Research universities build argument for greater role for arts, creative thinking

1791

tANN ARBOR — Confronting the challenge of how to encourage and cultivate innovative thinking in higher education, administrators from some of the most prestigious U.S. research universities have published a report aiming to provoke a national discussion about the ways "arts practice" can be a catalyst for creative thinking in all academic disciplines.

t"Art-Making and the Arts at Research Universities," a three-year plan, is the result of nearly a year of discussions and research with the goal of further integrating the arts into higher education curriculum and campus life.

t"While creative processes across fields have a great deal in common, creative process in the arts tends to be more radically open-ended, more immediately immersive, and more hands-on and experiential," said Theresa Reid, executive director of ArtsEngine, an University of Michigan consortium to promote interdisciplinary collaboration in the arts.

tThe group includes U-M's School of Music, Theatre & Dance, School of Art and Design, College of Engineering, A. Alfred Taubman College of Architecture & Urban Planning, and U-M Libraries.

tArtsEngine, which itself is an innovative initiative to recast the relevancy and role of the arts in higher education, is the principal coordinator of "Art-Making and the Arts at Research Universities."

tAccording to the report's executive summary: "Integrating art-making and the arts enables the university to fulfill its responsibility to society by producing new generations of leaders who are adept in the use of all of their creative cognitive faculties, and by producing an incubator for original creative work in the arts that is not constrained by market economies. Only the university can fulfill this vital social role."

tThe unprecedented gathering in March of administrators to discuss a greater role for arts focused on ways to increase "arts making" as a fundamental way to inspire creativity. In contrast to "arts appreciation," which can be a passive observant enjoyment of the visual and performing arts, "arts making" is the active and thoughtful engagement in creating art. It is the learning of craft along with the developing skills of self-expression.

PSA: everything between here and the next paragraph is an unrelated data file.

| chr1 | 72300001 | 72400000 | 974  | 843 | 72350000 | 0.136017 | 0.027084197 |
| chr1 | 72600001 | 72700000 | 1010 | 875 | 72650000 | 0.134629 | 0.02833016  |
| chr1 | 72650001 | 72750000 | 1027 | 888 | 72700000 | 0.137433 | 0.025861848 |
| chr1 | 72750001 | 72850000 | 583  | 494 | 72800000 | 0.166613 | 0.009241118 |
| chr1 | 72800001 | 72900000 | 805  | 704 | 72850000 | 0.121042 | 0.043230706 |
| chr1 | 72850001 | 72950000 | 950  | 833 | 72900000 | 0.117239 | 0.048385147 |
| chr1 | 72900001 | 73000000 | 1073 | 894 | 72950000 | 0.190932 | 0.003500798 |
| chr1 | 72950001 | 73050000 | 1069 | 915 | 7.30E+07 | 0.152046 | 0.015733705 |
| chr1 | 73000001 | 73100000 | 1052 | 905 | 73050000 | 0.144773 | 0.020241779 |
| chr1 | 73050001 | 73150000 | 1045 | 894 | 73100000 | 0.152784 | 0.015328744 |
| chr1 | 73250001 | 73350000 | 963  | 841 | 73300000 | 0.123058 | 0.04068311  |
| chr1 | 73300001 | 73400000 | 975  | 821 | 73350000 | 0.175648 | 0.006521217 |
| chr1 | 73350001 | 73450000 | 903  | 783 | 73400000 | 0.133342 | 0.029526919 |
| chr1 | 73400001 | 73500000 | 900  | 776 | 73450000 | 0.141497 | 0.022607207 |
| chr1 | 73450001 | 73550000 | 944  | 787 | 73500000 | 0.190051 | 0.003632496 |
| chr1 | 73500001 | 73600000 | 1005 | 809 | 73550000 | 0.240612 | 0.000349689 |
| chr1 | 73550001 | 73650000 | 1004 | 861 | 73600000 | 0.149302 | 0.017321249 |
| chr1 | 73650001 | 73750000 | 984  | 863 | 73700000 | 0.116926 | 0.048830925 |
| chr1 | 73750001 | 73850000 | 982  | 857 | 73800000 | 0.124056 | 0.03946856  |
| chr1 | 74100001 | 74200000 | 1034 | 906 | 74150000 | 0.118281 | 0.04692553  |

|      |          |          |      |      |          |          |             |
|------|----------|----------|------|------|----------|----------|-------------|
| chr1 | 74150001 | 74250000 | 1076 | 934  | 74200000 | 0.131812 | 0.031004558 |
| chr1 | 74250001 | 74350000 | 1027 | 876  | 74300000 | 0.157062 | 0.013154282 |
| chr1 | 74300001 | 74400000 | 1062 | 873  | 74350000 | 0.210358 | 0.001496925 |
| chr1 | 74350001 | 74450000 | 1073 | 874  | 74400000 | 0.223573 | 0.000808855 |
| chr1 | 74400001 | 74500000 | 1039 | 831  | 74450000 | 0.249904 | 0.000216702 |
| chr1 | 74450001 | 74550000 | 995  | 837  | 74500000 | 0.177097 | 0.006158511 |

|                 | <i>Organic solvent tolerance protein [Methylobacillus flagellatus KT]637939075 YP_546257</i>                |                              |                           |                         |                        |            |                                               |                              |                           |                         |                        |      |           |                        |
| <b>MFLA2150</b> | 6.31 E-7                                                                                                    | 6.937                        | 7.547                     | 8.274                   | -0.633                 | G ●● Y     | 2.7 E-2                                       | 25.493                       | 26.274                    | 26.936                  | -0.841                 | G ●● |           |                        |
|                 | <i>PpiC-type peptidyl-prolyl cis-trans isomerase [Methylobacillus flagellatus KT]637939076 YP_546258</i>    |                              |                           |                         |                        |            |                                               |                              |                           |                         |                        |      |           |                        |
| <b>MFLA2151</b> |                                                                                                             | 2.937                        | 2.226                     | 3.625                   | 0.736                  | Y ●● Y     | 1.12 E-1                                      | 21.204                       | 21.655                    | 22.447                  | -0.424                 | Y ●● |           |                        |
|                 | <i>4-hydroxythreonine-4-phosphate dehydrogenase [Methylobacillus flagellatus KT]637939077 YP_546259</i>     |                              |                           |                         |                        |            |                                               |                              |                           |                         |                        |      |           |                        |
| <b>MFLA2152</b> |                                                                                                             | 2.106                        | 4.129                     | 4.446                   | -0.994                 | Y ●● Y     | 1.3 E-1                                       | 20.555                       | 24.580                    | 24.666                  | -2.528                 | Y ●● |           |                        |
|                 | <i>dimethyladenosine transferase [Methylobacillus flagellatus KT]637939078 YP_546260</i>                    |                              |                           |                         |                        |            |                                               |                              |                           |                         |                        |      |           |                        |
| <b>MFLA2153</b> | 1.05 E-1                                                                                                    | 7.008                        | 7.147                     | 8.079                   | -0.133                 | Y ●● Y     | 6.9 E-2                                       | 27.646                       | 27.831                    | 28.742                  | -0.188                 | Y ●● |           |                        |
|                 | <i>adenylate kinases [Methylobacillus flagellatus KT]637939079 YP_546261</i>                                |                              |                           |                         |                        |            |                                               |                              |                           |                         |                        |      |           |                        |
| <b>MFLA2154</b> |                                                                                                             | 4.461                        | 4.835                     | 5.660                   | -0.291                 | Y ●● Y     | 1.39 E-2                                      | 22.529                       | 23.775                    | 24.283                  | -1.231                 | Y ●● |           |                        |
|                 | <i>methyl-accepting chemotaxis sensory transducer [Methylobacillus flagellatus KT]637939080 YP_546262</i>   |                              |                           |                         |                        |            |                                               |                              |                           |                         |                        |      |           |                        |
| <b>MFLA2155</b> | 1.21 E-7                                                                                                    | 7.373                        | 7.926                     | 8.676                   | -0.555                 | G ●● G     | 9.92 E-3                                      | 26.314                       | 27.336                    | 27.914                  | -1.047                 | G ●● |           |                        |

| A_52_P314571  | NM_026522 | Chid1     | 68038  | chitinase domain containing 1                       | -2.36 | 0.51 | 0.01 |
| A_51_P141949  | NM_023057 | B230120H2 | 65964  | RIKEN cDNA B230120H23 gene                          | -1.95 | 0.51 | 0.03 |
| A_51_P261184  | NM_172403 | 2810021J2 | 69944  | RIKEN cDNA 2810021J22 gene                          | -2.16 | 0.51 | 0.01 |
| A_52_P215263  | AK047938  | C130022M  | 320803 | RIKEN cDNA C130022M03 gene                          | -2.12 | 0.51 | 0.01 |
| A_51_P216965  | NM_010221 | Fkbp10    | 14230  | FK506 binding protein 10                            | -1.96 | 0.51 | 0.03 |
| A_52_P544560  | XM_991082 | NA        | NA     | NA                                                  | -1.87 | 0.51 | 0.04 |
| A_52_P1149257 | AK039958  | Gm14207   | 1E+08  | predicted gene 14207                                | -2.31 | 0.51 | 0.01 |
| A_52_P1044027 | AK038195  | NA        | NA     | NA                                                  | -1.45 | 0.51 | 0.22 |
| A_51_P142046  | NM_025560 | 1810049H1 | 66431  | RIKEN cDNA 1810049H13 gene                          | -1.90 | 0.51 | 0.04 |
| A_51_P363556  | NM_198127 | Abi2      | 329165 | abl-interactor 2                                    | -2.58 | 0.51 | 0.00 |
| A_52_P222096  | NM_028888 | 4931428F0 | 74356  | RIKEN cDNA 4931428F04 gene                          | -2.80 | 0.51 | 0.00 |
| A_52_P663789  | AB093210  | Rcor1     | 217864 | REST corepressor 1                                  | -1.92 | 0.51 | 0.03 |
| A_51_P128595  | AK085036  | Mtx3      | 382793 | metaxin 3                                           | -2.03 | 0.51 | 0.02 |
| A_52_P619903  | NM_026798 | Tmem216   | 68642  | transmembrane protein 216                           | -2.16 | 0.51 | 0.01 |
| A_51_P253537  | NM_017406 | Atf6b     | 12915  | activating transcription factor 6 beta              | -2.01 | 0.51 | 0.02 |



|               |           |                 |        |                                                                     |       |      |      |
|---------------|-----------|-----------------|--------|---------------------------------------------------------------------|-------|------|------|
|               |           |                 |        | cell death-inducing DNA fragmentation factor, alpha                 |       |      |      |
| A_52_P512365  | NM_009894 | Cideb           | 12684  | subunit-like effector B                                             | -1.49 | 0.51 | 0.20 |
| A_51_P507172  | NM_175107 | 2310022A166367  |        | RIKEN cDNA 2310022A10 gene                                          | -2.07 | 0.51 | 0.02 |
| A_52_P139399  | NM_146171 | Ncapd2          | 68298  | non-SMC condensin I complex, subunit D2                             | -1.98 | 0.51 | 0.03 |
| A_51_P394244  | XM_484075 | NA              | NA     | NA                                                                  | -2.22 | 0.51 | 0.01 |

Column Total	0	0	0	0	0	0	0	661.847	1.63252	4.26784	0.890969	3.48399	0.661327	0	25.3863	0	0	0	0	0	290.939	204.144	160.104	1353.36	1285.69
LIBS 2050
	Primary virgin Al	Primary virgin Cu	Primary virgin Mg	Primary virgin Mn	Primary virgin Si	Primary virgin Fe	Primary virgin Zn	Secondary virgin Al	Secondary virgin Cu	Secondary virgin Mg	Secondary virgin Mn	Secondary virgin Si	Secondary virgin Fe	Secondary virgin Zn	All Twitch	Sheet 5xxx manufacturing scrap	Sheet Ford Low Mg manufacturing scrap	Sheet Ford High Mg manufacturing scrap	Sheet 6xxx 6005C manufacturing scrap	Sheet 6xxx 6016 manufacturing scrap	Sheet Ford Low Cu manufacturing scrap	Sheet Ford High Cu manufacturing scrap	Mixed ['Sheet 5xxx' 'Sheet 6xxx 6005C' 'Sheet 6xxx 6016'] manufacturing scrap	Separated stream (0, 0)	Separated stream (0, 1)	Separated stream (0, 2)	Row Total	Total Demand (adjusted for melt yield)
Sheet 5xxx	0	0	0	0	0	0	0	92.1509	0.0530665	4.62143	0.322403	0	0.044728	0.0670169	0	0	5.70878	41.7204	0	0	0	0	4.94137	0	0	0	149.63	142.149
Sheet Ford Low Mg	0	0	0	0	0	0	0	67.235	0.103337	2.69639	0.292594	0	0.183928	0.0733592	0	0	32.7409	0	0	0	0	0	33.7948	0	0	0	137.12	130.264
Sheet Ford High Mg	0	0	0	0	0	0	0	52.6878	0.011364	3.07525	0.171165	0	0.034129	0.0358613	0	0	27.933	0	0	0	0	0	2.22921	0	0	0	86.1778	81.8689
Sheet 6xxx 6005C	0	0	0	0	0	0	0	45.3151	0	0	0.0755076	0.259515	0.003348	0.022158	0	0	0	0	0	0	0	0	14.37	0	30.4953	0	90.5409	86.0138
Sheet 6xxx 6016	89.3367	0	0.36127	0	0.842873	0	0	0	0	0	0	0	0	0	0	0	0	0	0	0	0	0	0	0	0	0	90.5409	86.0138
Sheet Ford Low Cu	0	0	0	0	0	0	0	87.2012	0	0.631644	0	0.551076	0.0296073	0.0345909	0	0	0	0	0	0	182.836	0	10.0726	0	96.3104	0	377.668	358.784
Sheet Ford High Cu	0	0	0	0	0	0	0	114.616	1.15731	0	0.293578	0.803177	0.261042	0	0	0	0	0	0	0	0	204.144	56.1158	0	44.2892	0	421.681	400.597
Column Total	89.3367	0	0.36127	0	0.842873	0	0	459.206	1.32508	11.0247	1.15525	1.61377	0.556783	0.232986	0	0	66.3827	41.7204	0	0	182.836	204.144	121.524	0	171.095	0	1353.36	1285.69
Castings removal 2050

tThe rationale in the report addresses central challenges facing higher education institutions. Amid the lingering economic slump, tough job market and educational needs for students to cope with ever-changing opportunities, universities are rethinking how to prepare students for an uncertain economic landscape. Fostering creative thinking is a broad skill, and until now, hasn't been formally addressed as a specific educational goal.

tSubsequent to the initial March gathering – known as the Michigan Meeting – four groups of higher education administrators set out to gather research, develop curricular models and programming, and formulate an advocacy strategy.

tThe group includes large and small, public and private research universities.

tParticipants in the Michigan Meeting and "Art Making and the Arts at Research Universities" report include:

    t
  • ttBrown University
  • t

  • ttEmory University
  • t

  • ttIndiana University
  • t

  • ttIowa State University
  • t

  • ttMassachusetts Institute of Technology
  • t

  • ttOhio State University
  • t

  • ttPennsylvania State University
  • t

  • ttPrinceton University
  • t

  • ttRensselaer Polytechnic Institute
  • t

  • ttSyracuse University
  • t

  • ttUniversity of Alabama
  • t

  • ttUniversity of California at Berkeley, San Diego, and Los Angeles
  • t

  • ttUniversity of Colorado
  • t

  • ttUniversity of Florida
  • t

  • ttUniversity of Illinois — Champaign/Urbana
  • t

  • ttUniversity of Iowa
  • t

  • ttUniversity of Michigan
  • t

  • ttUniversity of Pennsylvania
  • t

  • ttUniversity of Texas at Austin
  • t

  • ttUniversity of Vermont
  • t

  • ttUniversity of Virginia
  • t

  • ttVanderbilt University
  • t

  • ttVirginia Commonwealth University
  • t

  • ttWashington University

tRepresentatives from the Mellon Foundation and National Endowment for the Arts also participated.

Facebook Comments